Although the work of Erich Fromm is not usually associated with feminist theory, his ideas overall are more consonant with contemporary notions of gender than usually recognized. This paper identifies three aspects of Fromm’s thought worth feminist revisiting. The first relates to Fromm’s gender-less use of sadomasochism to describe relationships based on dominance and subordination; this framework can be applied to sexist dynamics, though not limited to this context. Second, Fromm’s vision of love as presented in The Art of Loving can be seen as kindred with Simone de Beauvoir’s critique of romantic love and its flaws. Third, and relatedly, Fromm’s concerns about the need for recognition as well as autonomy are compatible with Jessica Benjamin’s notion of mutual recognition as developed in her book The Bonds of Love. All told, Frommian and feminist thought appear to be more connected than antagonistic.
Public monuments function as cultural agents, reifying dominant public narratives or fostering change. Either way, their representation of people and events intervene in public discourse and contribute to cultural, economic, political, and social environments. Queer monuments, defined here as heritage sites that honor gender and sexual minorities, represent communities that have often been excised in dominant public narratives. This article provides a preliminary global inventory of queer monuments and describes three of their major functions: (1) to provide visibility and reduce stigma; (2) to educate the public on the abuse and attempted extermination of gender and sexual minorities; and (3) to stimulate public debate and discourse about gender and sexual minority rights. This still rare type of monument is growing more common and prompting more active and equitable representations in public space. Queer monuments have the potential of lessening stigma and improving the lives of sexual and gender minorities.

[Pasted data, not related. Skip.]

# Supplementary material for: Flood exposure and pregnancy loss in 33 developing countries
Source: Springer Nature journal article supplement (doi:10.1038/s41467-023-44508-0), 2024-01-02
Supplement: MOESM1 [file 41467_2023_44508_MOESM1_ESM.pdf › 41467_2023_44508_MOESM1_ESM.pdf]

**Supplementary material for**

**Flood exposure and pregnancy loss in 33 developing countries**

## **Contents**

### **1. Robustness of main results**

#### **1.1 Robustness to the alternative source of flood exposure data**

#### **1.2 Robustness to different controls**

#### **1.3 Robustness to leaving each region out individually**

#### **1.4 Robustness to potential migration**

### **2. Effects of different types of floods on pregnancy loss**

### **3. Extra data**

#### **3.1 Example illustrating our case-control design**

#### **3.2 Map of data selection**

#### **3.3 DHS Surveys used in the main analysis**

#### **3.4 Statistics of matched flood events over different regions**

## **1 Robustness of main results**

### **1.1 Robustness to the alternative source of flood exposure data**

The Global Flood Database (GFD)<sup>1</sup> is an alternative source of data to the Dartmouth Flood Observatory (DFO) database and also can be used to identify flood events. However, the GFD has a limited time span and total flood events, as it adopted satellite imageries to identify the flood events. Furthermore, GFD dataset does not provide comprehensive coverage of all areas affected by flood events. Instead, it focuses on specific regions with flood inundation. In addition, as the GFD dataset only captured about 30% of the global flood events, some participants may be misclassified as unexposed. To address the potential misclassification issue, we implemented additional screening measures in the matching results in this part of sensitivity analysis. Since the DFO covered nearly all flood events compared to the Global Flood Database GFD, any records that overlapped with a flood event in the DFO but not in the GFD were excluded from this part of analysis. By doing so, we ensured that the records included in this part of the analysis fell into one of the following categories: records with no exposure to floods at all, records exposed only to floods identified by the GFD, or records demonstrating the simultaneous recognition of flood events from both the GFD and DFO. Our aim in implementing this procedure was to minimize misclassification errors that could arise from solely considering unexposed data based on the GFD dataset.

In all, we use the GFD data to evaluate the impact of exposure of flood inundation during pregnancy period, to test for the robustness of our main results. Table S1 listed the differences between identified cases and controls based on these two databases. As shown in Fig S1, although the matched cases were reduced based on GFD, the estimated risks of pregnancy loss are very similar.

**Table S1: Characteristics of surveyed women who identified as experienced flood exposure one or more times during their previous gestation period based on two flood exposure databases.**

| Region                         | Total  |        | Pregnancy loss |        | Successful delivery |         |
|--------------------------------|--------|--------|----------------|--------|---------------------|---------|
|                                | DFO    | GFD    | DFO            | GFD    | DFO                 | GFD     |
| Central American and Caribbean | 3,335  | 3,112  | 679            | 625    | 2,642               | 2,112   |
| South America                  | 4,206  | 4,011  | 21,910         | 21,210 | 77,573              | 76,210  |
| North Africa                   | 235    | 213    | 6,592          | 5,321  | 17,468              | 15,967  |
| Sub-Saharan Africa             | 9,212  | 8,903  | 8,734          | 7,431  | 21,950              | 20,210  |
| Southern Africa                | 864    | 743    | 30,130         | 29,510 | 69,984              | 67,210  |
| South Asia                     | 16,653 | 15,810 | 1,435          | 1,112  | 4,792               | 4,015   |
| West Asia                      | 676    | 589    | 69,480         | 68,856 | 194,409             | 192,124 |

Family therapists and scholars increasingly adopt poststructural and postmodern conceptions of social reality, challenging the notion of stable, universal dynamics within family members and families and favoring a view of reality as produced through social interaction. In the study of gender and diversity, many envision differences as social constructed rather than as “residing” in people or groups. There is a growing interest in discourse or people’s everyday use of language and how it may reflect and advance interests of dominant groups in a society. Despite this shift from structures to discourse, therapists struggle to locate the dynamics of power in concrete actions and interactions. By leaving undisturbed the social processes through which gendered and other subjectivities and relations of power are produced, therapists may inadvertently become complicit in the very dynamics of power they seek to undermine. In this article, we argue that discourse analysis can help family therapy scholars and practitioners clarify the link between language and power. We present published examples of discourse analytic studies of gender and sexism and examine the relevance of these ideas for family therapy practice and research.
My post-structuralist feminist reading of the antenatal and birthing practices of women (N = 25) living in a basti in India makes visible how the meanings of maternal experiences constituted as our ways open discursive spaces for the mothers and dais as procreators to: challenge (i.e., question the authority of), co-opt (i.e., conditionally adopt), and judge (i.e., employ sanctioned criteria to regulate) competing knowledge production forms. In critiquing maternal knowledge as feminist discourse, the women’s strategies contribute theoretically to an integrative construction of care by reclaiming displaced knowledge discourses and diversity in meaning production. Pragmatically, consciousness-raising collectives comprising the mothers and dais can cocreate narratives of our ways of maternal experiences articulated in public discourse to sustain equitability of knowledge traditions in migrant urban Third World contexts.
Multiracial feminist theory proposes that the meaning of feminism and the pathways to feminist identity may differ on the basis of cross-cutting social categories such as ethnicity and gender. However, there is currently little research that has included systematic examination of feminist identity among women and men from diverse ethnic backgrounds.